Blends are the most common, yet unrecyclable, type of textile in the world

Blends are the most common, yet unrecyclable, type of textile in the world

Two first-of-their-kind textile recycling facilities have opened in Hong Kong in a bid to accelerate research into a closed-loop economy and to speed up its development.

One of a number of projects being carried out by the Hong Kong Research Institute of Textiles and Apparel (HKRITA), the two openings, in collaboration with the non-profit H&M Foundation, include a new pre-industrial size facility that will produce recycled yarn from post-consumer apparel and a miniaturised Garment-To-Garment Recycling System that will demonstrate to consumers the entire garment-to-garment recycling loop.

Both facilities were opened yesterday (3 September) at a ceremony attended by the Hon Carrie Lam Cheng Yuet-Ngor, CEO of the Hong Kong Special Administrative Region (HKSAR), and Nicholas Yang, secretary for innovation and technology of the HKSAR.

In September of last year, one year into the four-year Closed-Loop Apparel Recycling Eco-System Programme, H&M Foundation and HKRITA presented a technological breakthrough with a hydrothermal method for recycling cotton and polyester blends into new fibres. Blends are the most common, yet unrecyclable, type of textile in the world.

Now, the new pre-industrial size facility scaling this technology will see fashion brands and stakeholders worldwide invited to see, test and implement this technology within their own operations. As a non-profit the H&M Foundation works to drive change for the global fashion industry, which is why HKRITA will license the results widely to make it available to all and enable a bigger impact.

"This is a significant step towards a new fashion industry that operates within the planetary boundaries. As we scale up and make this technology freely available to the industry, we will reduce the dependence on limited natural resources to dress a growing global population," says Erik Bang, innovation lead H&M Foundation.

"Seeing is believing, and when customers see with their own eyes what a valuable resource garments at end of life can be, they can also believe in recycling and recognise the difference their actions can make."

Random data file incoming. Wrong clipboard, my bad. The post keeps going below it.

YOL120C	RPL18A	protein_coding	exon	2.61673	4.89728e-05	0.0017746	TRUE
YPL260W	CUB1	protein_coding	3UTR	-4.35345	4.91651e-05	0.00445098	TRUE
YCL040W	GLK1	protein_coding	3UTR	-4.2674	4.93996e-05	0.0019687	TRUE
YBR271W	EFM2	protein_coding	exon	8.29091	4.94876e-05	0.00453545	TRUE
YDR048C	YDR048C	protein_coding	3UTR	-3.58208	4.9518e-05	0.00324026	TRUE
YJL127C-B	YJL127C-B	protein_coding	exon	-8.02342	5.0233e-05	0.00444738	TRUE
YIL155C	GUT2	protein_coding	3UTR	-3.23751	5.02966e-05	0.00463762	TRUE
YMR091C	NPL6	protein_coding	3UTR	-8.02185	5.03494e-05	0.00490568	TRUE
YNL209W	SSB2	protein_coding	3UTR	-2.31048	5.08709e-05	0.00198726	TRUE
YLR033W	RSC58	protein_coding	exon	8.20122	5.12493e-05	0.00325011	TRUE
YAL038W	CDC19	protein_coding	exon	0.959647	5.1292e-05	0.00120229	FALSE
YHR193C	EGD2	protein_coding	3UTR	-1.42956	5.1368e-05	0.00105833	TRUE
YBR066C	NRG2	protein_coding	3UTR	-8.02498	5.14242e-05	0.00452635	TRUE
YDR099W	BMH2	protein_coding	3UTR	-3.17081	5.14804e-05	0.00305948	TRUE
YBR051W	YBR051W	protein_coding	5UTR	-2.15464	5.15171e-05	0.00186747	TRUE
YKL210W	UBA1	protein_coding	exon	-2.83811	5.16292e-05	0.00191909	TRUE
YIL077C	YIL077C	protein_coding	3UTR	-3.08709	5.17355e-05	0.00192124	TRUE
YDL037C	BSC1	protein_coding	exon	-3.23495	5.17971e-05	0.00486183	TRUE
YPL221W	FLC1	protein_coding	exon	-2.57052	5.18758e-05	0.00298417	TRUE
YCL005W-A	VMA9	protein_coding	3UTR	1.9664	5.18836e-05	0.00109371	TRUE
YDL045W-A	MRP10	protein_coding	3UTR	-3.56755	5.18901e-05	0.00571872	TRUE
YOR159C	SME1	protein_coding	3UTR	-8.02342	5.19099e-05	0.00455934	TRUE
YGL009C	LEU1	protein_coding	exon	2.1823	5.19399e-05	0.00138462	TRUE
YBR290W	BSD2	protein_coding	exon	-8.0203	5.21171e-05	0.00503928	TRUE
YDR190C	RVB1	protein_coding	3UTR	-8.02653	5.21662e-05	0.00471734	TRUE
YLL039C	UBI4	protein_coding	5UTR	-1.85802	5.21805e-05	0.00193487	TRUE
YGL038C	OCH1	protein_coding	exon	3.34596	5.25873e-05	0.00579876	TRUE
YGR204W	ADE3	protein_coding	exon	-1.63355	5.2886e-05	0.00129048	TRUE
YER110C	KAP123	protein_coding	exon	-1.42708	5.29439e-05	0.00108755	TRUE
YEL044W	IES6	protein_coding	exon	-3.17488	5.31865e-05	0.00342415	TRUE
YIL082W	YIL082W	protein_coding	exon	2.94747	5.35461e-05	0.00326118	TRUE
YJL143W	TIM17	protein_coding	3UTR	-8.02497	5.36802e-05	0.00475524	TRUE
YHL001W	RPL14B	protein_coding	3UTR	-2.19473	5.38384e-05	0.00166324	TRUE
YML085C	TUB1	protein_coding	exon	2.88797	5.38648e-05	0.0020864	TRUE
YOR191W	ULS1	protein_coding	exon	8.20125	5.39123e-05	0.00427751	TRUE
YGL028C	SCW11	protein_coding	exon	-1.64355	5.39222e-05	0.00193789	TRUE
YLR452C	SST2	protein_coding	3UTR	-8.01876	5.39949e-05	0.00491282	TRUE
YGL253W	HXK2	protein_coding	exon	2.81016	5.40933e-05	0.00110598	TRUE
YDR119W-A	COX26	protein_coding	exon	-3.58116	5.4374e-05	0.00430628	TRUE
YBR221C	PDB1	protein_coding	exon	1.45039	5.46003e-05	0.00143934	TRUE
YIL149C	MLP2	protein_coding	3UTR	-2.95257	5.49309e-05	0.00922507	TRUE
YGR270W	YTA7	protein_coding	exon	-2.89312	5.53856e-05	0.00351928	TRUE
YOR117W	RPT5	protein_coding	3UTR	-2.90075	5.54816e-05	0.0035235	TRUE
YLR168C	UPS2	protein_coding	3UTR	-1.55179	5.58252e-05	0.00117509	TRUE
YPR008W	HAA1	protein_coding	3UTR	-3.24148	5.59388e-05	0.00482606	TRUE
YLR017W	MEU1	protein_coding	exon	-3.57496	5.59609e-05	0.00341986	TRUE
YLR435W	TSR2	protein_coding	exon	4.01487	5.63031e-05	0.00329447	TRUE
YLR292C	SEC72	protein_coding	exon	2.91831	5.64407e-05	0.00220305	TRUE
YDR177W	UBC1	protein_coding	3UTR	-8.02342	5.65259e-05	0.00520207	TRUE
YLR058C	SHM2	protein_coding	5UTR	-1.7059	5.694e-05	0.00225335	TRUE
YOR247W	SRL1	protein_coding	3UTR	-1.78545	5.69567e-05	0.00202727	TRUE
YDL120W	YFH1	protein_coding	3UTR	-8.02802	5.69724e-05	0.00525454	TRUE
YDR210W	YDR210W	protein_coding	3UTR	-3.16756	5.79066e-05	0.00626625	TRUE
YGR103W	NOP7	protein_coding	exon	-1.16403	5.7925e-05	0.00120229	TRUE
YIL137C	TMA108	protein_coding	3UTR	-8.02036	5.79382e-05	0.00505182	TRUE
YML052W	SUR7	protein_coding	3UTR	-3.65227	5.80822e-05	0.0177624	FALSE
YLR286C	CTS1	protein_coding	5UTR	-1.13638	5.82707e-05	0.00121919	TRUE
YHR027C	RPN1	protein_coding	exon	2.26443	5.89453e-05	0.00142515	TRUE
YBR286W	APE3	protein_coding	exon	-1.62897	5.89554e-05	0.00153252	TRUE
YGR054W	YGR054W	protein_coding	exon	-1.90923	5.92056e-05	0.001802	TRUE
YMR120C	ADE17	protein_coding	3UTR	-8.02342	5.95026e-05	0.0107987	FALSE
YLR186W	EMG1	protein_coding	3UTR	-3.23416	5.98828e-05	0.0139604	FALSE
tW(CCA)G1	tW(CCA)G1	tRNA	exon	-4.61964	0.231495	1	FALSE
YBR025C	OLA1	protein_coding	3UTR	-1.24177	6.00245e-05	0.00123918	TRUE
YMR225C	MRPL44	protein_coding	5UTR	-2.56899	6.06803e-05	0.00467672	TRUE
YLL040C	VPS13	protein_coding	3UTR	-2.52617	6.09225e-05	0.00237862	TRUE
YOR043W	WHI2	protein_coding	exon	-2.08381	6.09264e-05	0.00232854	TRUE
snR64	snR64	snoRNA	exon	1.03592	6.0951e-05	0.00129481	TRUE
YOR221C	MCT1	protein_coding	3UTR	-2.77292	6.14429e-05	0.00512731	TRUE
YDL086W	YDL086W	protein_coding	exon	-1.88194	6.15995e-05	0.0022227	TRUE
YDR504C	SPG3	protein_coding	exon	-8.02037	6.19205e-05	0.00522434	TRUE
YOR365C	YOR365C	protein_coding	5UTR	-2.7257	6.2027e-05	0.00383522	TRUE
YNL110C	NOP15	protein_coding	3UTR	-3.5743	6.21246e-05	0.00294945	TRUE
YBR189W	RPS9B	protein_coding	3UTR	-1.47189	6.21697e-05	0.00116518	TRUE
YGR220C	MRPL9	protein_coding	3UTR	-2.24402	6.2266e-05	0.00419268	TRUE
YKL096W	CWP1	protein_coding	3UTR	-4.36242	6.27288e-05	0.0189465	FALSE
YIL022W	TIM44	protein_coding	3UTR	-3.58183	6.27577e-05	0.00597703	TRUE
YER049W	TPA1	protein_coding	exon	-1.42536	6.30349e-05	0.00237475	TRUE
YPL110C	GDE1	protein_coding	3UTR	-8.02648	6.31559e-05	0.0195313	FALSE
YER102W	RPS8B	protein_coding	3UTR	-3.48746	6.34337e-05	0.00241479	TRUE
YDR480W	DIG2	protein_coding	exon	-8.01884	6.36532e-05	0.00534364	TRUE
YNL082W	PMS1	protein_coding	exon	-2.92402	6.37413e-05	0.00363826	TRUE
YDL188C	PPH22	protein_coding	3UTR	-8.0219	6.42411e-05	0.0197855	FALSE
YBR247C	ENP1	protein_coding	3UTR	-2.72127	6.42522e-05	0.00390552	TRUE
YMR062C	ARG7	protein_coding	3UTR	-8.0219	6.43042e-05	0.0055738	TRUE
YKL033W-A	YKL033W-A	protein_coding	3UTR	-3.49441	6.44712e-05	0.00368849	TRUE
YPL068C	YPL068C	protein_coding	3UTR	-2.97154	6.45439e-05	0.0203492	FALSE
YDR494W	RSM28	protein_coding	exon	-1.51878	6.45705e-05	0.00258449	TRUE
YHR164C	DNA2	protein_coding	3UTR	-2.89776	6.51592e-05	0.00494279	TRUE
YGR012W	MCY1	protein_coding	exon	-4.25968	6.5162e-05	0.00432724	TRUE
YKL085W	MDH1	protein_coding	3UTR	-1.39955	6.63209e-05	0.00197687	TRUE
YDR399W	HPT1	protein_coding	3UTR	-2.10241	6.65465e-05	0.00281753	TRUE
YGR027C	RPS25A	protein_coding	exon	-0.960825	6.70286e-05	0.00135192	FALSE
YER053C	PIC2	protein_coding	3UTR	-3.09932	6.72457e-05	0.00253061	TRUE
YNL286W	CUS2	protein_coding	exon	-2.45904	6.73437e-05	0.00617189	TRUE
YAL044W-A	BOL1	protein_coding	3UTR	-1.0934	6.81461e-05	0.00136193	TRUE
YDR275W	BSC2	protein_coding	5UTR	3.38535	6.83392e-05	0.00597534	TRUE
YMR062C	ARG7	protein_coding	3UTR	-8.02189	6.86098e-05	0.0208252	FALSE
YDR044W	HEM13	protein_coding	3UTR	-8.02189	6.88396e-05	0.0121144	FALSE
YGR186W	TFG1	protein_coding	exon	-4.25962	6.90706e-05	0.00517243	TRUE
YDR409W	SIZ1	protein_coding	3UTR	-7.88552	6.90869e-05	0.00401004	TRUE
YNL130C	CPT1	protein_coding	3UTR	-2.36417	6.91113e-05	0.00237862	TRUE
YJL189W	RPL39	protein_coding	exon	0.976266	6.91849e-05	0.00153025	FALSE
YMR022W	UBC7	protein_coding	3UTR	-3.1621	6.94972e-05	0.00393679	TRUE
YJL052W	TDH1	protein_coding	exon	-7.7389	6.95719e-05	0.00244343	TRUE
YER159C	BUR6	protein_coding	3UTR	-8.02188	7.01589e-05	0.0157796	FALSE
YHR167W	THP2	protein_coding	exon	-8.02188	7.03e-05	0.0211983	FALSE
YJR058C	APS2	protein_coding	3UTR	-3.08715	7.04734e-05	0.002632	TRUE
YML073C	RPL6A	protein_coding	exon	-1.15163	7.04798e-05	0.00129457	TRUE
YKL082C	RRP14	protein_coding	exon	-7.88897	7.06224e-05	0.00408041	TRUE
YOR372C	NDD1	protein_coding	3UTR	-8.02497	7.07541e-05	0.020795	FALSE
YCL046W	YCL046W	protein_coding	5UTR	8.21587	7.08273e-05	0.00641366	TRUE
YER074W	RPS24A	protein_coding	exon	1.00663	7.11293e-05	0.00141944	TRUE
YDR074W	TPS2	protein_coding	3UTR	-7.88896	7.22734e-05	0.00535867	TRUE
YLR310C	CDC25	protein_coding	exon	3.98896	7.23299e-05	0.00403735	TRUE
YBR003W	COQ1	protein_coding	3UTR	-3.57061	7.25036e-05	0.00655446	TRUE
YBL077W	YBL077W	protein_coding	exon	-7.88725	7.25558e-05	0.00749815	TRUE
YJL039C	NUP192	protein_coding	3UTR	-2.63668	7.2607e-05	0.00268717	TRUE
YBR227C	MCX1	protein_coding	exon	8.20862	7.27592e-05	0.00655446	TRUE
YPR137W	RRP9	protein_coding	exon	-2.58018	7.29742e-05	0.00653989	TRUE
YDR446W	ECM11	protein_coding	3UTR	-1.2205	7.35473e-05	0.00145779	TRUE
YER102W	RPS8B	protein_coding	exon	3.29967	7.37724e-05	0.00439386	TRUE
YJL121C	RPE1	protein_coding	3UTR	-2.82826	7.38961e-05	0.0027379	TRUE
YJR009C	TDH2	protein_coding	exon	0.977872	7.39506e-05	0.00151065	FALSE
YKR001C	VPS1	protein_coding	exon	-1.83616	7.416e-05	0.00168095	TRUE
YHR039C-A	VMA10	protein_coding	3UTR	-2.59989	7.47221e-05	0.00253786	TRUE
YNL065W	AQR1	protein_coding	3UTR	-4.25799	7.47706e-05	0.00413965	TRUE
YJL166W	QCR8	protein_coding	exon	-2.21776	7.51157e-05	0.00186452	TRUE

In addition, a miniaturised Garment-To-Garment Recycling System and retail shop selling the recycled garments has opened, located at the newly re-purposed former textile mill, The Mills, in Hong Kong.

An HK$700 million-plus redevelopment of three former Nan Fung cotton mills in Tsuen Wan, the creative hub features an art gallery, a textile industry museum, shops and restaurants, events and meeting places – as well as a fashion and wearables startup incubator and maker space that HKRITA will be running.

Crammed into an area of just 40 sq ft will be specially designed and fabricated machinery and equipment – essentially made smaller, faster and quieter – to directly recycle and make new apparel from old consumer supplied cast-offs.

Meanwhile, customers can bring their unwanted clothes, and watch the container-sized system recycle their garments and make new fashion.

"After successfully developing revolutionary recycling technologies, we have devoted sustained effort to put them into practice. Our recycling systems represent the industry's well-applied innovation efforts. These not only revitalise a decades-old major industry, but also do it most sustainably for the benefit of our community and as a responsible global citizen," says Edwin Keh, HKRITA CEO.

These projects, along with many others, will be centre stage at the upcoming 'Fashion Summit (HK) 2018,' a two-day event bringing together key players from the global fashion industry along with leading academics and NGOs to discuss the latest technology, best practice, solutions and opportunities in sustainable fashion. Taking place from 6-7 September at the Hong Kong Convention and Exhibition Centre, the theme of this year's Fashion Summit is 'Circular Economy.'

To read more about these projects, click on the following links: Hong Kong – the new hub for sustainable innovation, and Hong Kong to open first yarn mill in 50 years – Exclusive.